Employers will be expected to conduct ‘right to work checks’ evidenced via a valid Passport confirming EU nationality, or via a Home Office biometric immigration document. Failure by any EU citizen to comply with measures in place, by remaining in the UK longer than the unrestricted period allows, without a valid residence permit will be committing a criminal offence, which may lead to sanctions being applied against the employer and EU citizen; this could result to re-entry bans for the EU citizen and criminal investigations against an employer.

The House of Lords approach

GDP – Gross Domestic Product for the UK will be measured taking into account the GDP per head of existing residents; the House of Lords has also stated that ‘analysis should rather be on the effects of immigration on income per head of the resident population’. Therefore, EU nationals will be deemed valuable to the UK only if, they not only benefit themselves, but also, they ensure that existing residents are better off. As a rule, wherever possible, UK employers will be expected to meet their labour needs from the resident labour market – the UK Government wishes to build on the domestic skills to build a strong and competitive market. This will be through investing in training for the resident labour market, which in the last 20 years has declined.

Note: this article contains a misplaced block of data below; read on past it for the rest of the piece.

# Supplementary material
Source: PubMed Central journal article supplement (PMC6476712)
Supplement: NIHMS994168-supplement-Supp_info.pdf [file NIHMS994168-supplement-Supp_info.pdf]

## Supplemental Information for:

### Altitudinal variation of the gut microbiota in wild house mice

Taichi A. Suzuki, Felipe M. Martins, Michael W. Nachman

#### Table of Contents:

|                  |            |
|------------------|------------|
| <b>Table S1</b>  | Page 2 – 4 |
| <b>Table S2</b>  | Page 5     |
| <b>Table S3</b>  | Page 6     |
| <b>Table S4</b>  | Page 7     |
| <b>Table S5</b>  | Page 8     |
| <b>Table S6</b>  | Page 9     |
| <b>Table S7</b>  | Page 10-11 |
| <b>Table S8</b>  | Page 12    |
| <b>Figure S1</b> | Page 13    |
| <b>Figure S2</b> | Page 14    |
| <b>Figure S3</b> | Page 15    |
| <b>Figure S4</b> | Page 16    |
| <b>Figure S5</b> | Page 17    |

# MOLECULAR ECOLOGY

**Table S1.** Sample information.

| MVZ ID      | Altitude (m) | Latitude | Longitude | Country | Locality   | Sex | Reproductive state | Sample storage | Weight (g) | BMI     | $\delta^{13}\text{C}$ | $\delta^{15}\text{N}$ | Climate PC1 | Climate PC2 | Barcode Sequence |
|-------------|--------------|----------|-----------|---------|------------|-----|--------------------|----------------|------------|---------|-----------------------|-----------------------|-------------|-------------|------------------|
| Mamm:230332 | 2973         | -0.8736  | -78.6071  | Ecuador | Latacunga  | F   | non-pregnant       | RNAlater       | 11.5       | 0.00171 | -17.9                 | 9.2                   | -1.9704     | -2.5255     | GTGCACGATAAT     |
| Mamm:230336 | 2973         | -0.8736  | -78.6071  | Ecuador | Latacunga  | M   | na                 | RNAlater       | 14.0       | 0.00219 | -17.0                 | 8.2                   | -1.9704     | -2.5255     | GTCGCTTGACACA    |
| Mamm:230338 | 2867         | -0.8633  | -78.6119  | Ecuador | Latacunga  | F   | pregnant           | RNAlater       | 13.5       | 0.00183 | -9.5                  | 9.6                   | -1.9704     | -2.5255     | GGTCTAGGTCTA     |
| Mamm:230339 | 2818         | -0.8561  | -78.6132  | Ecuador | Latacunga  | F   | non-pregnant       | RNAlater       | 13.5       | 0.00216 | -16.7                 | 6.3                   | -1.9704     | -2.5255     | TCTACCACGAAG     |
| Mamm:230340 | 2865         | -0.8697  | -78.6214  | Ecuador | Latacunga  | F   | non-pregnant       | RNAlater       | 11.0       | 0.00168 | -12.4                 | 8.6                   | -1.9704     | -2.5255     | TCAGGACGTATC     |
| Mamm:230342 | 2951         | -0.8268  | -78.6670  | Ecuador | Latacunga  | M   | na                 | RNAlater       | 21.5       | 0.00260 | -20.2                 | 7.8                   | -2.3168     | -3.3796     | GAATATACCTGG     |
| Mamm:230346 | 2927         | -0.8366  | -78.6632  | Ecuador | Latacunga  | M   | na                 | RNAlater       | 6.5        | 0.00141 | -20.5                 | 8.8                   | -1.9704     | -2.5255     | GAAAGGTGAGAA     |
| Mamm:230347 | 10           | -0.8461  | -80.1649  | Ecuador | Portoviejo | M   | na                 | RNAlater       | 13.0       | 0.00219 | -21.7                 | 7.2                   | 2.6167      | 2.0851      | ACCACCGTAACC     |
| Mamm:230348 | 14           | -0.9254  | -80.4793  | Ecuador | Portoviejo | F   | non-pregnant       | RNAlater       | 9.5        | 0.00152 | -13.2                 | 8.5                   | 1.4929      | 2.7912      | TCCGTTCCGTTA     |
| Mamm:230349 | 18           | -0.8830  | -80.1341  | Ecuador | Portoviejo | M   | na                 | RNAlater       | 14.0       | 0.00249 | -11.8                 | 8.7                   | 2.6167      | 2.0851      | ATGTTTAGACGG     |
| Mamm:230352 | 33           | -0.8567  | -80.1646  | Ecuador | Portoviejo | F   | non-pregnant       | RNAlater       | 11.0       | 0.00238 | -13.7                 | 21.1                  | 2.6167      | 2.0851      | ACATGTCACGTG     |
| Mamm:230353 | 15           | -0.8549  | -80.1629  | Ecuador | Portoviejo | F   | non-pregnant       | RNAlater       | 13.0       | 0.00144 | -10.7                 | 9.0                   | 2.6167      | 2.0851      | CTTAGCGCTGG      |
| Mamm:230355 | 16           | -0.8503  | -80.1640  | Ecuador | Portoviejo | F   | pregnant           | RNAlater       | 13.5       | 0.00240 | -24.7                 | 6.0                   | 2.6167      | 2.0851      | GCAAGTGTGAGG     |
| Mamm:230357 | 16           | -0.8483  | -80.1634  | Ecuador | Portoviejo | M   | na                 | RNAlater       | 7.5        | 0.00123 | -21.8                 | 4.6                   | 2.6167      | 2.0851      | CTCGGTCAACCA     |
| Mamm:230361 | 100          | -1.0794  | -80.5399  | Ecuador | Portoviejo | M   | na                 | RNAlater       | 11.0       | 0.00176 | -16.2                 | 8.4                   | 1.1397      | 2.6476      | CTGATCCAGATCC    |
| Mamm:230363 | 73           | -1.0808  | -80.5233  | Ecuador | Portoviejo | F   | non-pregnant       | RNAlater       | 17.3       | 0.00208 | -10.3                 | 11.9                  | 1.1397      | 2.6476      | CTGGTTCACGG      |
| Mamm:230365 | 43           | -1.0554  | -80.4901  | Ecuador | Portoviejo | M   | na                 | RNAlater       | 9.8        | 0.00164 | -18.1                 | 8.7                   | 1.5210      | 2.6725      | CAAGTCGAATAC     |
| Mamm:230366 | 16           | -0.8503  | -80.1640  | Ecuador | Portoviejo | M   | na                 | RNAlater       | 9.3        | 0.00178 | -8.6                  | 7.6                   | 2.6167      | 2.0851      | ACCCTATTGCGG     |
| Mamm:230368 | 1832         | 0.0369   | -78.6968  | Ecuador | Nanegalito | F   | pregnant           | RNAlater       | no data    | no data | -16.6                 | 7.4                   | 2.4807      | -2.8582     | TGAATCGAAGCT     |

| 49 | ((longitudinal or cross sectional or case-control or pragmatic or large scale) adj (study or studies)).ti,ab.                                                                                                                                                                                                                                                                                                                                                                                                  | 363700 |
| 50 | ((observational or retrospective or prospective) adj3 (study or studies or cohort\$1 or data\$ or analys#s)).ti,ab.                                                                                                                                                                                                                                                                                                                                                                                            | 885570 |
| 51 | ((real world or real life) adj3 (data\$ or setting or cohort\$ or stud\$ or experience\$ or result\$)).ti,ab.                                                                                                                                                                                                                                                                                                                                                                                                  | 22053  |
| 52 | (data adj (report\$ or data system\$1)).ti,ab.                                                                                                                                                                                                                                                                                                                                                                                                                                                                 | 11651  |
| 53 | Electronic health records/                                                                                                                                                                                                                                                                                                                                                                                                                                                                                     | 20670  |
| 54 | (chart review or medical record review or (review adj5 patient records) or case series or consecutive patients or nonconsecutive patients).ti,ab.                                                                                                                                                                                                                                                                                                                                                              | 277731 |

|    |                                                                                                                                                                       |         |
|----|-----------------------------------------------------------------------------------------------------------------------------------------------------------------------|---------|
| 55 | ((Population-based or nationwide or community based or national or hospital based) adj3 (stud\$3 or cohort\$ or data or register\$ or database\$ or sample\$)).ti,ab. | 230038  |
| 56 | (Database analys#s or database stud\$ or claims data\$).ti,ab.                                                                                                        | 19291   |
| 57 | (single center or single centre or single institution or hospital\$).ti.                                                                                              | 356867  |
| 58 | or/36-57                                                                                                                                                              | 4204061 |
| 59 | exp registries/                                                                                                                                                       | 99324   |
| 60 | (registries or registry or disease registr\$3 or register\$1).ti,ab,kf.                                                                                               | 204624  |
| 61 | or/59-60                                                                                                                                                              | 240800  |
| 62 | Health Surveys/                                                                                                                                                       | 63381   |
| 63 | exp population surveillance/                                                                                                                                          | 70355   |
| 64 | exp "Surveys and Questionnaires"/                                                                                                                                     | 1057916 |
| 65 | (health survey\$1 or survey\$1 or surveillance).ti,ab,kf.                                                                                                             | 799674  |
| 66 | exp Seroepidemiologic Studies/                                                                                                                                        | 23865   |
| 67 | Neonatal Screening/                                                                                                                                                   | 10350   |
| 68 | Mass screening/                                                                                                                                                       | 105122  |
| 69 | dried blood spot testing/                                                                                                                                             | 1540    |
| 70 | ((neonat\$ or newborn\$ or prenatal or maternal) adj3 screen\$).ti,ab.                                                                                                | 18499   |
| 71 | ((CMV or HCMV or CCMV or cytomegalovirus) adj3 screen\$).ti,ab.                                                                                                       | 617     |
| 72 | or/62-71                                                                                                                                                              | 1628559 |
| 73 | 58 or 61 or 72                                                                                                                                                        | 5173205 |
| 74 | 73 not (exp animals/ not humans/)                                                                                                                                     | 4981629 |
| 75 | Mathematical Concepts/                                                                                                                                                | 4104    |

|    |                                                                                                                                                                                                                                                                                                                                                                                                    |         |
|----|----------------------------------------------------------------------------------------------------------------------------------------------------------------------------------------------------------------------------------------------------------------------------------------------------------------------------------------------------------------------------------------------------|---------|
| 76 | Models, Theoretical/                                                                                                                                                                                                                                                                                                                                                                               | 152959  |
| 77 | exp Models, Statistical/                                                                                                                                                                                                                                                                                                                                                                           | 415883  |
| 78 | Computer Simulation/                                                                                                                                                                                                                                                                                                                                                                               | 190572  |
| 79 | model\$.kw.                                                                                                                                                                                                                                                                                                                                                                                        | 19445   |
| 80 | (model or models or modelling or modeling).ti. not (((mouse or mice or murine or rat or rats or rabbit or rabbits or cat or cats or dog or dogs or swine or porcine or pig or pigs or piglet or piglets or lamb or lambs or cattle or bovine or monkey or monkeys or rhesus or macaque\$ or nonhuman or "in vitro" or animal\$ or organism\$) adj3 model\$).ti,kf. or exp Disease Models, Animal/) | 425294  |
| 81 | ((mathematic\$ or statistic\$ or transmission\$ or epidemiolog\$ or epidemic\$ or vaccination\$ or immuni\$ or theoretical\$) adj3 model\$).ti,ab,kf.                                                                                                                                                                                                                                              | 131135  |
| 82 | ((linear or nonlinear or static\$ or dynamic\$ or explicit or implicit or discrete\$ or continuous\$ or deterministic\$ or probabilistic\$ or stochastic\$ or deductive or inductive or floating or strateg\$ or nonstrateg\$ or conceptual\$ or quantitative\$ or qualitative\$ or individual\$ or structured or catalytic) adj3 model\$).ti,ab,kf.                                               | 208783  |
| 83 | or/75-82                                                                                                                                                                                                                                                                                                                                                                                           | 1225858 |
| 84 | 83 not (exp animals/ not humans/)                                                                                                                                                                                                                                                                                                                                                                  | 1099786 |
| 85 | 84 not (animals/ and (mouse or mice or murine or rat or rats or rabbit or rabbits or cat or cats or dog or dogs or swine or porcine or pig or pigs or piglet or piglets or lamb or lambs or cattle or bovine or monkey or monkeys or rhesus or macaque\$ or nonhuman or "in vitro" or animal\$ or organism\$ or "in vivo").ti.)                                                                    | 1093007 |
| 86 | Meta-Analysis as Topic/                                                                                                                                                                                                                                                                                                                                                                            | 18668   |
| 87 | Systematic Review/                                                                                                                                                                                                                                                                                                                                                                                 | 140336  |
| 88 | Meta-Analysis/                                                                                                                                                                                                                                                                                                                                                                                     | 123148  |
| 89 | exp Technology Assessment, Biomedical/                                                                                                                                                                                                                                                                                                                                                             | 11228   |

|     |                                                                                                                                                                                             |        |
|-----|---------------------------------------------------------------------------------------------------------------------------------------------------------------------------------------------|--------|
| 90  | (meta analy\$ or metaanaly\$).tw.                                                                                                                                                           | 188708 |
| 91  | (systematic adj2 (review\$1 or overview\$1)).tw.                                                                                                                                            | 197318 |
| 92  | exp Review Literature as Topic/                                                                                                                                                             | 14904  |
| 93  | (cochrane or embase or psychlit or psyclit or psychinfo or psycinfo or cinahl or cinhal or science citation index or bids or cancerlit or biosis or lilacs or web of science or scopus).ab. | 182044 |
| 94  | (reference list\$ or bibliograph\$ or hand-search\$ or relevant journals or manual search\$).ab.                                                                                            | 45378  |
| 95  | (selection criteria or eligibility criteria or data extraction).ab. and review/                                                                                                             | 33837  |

Intra-company transfers